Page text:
Notes. The fossil material attributed to this pliosaur was first mentioned in stories covering “The Monster” in 2008, but the name ‘Predator X’ was coined after the specimen was excavated and it hit the media in 2009. According to an SVP poster by Knutsen et al. (2009) both ‘The Monster’ and ‘Predator X’ belong to the same taxon – they are congeneric and they are closest in their anatomy to Pliosaurus. They are both estimated to be the same size, and they are also both from the same geological formation, so with all these similarities it’s easy to confuse the two. ‘Predator X’ inspired the cover story for the 31 October 2009 issue of New Scientist, and was the main subject of a recent History Channel documentary of the same name, which also featured another giant pliosaur – the Weymouth Bay pliosaur. ‘Predator X’ will also appear in the BBC’s upcoming series Planet Dinosaur. Despite its widespread presence in the news and on TV, I was unable to find a suiatable photograph of the actual material.

The Weymouth Bay pliosaur
Hit the mainstream media: October 2009
Estimated length in the media: 16 m
Conservative estimated length: 12 m.
Material: skull and mandible (missing the tip of the manibular symphysis).
Where: Weymouth Bay, Dorset, UK.
Excavation: Discovered in pieces over a period of time – specific details unclear. The specimen was purchased by Dorset County Museum in Dorchester.
Peer-reviewed scientific literature: none.
Notes:
There is an excellent account of the Weymouth Bay pliosaur here by Richard Forrest. The skull as preserved is 2.1m long.

The Weymouth Bay pliosaur

The Weymouth Bay pliosaur and Richard Forrest

 

So there we have it, four mega-pliosaurs making big news in the space of a decade. All of them have conservative and realistic length estimates around the 15m mark, with the Weymouth Bay pliosaur possibly slightly smaller and ‘The Monster of Aramberri’ possibly slightly larger. But all the estimates are way too wooly to take seriously just yet. So all these monsters will remain jostling for top spot until the scientific papers are published, and until we have a better understanding of pliosaurid proportions.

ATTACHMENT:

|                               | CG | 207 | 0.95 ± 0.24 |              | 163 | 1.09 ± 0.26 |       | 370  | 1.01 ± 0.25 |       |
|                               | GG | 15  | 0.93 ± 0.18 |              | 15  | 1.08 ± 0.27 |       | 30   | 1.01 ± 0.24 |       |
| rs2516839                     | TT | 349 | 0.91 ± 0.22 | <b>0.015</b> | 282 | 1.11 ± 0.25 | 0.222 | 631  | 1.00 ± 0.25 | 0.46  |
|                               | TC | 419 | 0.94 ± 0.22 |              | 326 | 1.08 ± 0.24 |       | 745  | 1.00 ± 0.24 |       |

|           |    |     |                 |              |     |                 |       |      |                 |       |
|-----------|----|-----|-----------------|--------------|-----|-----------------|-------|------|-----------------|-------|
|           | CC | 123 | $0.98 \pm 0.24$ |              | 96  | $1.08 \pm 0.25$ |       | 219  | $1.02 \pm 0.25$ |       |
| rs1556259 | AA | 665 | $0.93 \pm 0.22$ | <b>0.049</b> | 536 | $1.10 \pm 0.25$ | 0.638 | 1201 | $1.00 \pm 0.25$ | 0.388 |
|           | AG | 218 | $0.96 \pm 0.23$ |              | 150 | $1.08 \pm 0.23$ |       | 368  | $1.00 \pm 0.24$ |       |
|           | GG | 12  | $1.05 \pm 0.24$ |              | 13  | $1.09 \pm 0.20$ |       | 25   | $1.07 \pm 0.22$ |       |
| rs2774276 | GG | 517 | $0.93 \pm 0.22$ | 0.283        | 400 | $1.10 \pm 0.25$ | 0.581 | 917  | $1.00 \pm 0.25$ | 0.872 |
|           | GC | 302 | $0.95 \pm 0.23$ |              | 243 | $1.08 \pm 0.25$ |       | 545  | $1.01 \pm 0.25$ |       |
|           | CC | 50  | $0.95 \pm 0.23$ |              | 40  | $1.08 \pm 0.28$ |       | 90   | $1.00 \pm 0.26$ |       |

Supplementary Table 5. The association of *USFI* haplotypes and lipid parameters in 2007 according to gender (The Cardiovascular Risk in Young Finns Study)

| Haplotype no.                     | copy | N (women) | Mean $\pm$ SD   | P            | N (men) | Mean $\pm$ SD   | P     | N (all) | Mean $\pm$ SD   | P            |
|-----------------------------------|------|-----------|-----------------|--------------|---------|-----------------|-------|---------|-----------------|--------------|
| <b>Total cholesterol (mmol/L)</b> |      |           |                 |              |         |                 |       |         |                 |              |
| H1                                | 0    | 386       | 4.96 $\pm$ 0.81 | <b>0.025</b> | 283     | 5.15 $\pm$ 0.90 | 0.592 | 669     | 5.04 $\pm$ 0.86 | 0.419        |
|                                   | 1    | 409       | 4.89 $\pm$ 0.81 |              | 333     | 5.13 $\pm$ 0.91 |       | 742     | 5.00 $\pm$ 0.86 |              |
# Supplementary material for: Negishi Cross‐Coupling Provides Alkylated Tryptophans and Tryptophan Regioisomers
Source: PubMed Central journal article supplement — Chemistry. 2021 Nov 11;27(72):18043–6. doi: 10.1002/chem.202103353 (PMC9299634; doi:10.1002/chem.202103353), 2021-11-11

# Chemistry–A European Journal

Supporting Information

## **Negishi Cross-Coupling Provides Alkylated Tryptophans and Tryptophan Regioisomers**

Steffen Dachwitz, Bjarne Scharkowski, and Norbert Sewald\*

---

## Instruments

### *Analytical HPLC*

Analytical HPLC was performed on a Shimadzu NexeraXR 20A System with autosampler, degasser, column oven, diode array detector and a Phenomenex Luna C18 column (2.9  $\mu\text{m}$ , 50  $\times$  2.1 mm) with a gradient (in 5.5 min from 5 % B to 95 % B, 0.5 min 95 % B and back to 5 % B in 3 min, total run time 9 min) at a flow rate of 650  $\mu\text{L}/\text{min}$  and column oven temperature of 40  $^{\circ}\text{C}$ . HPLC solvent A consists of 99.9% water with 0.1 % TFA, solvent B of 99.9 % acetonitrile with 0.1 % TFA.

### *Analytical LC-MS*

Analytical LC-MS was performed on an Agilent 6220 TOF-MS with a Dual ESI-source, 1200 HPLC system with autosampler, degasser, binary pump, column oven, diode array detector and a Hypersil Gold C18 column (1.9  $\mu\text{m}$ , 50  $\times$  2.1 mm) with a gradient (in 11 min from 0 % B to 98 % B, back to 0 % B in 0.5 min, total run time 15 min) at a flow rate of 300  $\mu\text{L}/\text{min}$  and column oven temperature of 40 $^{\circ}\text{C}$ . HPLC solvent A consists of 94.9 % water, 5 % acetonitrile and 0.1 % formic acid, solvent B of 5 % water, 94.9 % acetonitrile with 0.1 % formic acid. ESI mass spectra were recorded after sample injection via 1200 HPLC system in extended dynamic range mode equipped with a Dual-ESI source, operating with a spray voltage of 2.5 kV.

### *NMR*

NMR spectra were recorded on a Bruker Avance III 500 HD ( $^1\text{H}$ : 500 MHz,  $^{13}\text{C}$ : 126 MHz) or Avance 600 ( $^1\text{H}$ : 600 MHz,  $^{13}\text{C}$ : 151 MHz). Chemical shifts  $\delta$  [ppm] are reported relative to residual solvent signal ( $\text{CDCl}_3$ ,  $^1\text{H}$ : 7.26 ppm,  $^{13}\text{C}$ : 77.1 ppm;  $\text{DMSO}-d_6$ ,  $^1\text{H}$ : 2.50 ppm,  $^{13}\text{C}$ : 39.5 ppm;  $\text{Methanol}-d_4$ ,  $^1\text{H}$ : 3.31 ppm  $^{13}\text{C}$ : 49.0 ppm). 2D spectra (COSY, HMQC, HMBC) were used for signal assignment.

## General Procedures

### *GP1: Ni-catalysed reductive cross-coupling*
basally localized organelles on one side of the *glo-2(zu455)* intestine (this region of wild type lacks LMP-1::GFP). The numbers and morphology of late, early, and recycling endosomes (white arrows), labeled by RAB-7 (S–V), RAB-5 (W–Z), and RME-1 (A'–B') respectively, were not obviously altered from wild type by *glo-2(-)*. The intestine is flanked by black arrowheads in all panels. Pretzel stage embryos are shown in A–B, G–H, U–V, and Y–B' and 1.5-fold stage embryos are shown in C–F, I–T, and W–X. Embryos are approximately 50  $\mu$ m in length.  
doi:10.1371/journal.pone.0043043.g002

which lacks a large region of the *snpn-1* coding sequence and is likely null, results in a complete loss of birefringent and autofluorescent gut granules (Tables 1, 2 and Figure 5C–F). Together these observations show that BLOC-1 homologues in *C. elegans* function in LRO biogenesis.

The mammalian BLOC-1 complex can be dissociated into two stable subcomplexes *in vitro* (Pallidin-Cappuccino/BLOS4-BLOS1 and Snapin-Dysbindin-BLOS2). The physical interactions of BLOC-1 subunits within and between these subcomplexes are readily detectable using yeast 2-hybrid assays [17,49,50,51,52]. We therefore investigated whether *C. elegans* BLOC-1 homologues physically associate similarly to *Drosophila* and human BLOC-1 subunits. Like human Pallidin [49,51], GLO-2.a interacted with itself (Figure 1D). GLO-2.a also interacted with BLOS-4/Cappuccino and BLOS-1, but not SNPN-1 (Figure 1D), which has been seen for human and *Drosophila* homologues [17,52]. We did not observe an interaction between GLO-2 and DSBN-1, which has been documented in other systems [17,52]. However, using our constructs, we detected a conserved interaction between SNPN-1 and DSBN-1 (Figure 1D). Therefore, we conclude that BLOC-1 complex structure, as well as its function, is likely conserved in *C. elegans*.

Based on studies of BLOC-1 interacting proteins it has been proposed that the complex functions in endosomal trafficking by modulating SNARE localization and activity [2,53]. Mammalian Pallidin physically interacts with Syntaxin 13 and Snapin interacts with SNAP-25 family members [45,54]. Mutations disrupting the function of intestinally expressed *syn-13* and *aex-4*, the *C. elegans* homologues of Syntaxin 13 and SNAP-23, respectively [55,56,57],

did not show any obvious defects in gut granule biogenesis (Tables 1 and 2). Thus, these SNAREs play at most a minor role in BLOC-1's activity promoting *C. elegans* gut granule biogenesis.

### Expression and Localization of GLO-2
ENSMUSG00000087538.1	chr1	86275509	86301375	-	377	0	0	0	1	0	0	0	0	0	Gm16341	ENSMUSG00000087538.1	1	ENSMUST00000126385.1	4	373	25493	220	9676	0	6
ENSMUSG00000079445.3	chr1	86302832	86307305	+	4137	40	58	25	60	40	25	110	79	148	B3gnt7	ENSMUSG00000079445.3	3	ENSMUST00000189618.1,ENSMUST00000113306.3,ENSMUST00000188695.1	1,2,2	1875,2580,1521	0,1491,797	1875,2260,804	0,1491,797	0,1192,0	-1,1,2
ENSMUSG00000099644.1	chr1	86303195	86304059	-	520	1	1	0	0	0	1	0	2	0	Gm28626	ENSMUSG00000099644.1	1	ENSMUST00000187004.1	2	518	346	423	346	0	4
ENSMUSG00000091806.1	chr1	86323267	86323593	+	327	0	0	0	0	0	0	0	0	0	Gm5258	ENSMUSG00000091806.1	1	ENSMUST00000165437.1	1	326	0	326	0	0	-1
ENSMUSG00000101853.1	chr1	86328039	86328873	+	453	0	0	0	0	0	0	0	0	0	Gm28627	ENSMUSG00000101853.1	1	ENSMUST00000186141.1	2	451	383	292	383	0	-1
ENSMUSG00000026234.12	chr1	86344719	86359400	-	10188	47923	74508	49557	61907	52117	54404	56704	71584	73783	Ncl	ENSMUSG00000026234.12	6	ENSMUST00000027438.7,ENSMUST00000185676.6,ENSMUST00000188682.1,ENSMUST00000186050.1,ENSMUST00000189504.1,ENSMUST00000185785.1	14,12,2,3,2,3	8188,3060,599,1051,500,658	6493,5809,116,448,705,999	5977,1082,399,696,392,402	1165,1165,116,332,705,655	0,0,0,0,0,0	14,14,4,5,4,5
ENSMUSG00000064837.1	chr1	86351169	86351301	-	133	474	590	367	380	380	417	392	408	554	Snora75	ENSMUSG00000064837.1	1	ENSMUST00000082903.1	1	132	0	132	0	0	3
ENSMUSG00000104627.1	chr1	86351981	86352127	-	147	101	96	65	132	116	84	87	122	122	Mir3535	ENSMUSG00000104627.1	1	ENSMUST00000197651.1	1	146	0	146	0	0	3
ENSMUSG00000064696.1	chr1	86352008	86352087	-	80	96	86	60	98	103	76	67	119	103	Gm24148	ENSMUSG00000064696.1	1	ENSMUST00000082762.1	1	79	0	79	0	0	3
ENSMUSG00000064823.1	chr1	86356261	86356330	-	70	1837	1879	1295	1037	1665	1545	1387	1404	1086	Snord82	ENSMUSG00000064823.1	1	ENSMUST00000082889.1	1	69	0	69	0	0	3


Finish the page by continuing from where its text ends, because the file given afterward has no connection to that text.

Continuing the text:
There are or course plenty of other giant pliosaurs, which frequently pop up in discussions too, including additional real contenders for ‘biggest pliosaur ever!’. While I do plan to write more on giant pliosaurs in the future, I’ve stuck to the ones in the mainstream media for now. You might have noticed that Liopleurodon was conspicuously omitted from this post. Well, although it is entirely relevant to the present topic, it hasn’t been in the news recently so I decided to leave the magical Liopleurodon alone this time around. It will be nice to write about a pliosaur with an actual scientific name for a change, even if that’s opening a can of worms in itself!

References

Buchy, M.-C. & Frey, E. 2003. Was it really eating granite? We’re searching hard: history of the Monster
of Aramberri (and stories about it). First meeting of the EAVP – abstracts, 39.

Buchy M.-C., Frey E., Stinnesbeck, W. ; López-Oliva J.G. 2003. First occurrence of a gigantic pliosaurid plesiosaur in the Late Jurassic (Kimmeridgian) of Mexico. Bulletin de Societe géologique de France, 174, 271-278.

Knutsen, E., Druckenmiller, P., Hurum, J., Nakrem, H. 2009. Preliminary account of new Late Jurassic pliosaurid material from Svalbard, Norway. Journal of Vertebrate Paleontology, 128A.

Noè, L. F., Smith, D. T. J. & Walton, D. I. 2004. A new species of Kimmeridgian pliosaur (Reptilia; Sauropterygia) and its bearing on the nomenclature of Liopleurodon macromerus. Proceedings of the Geologists’ Association 115, 13-24.

Written by Adam S. Smith

April 5th, 2011 at 6:32 pm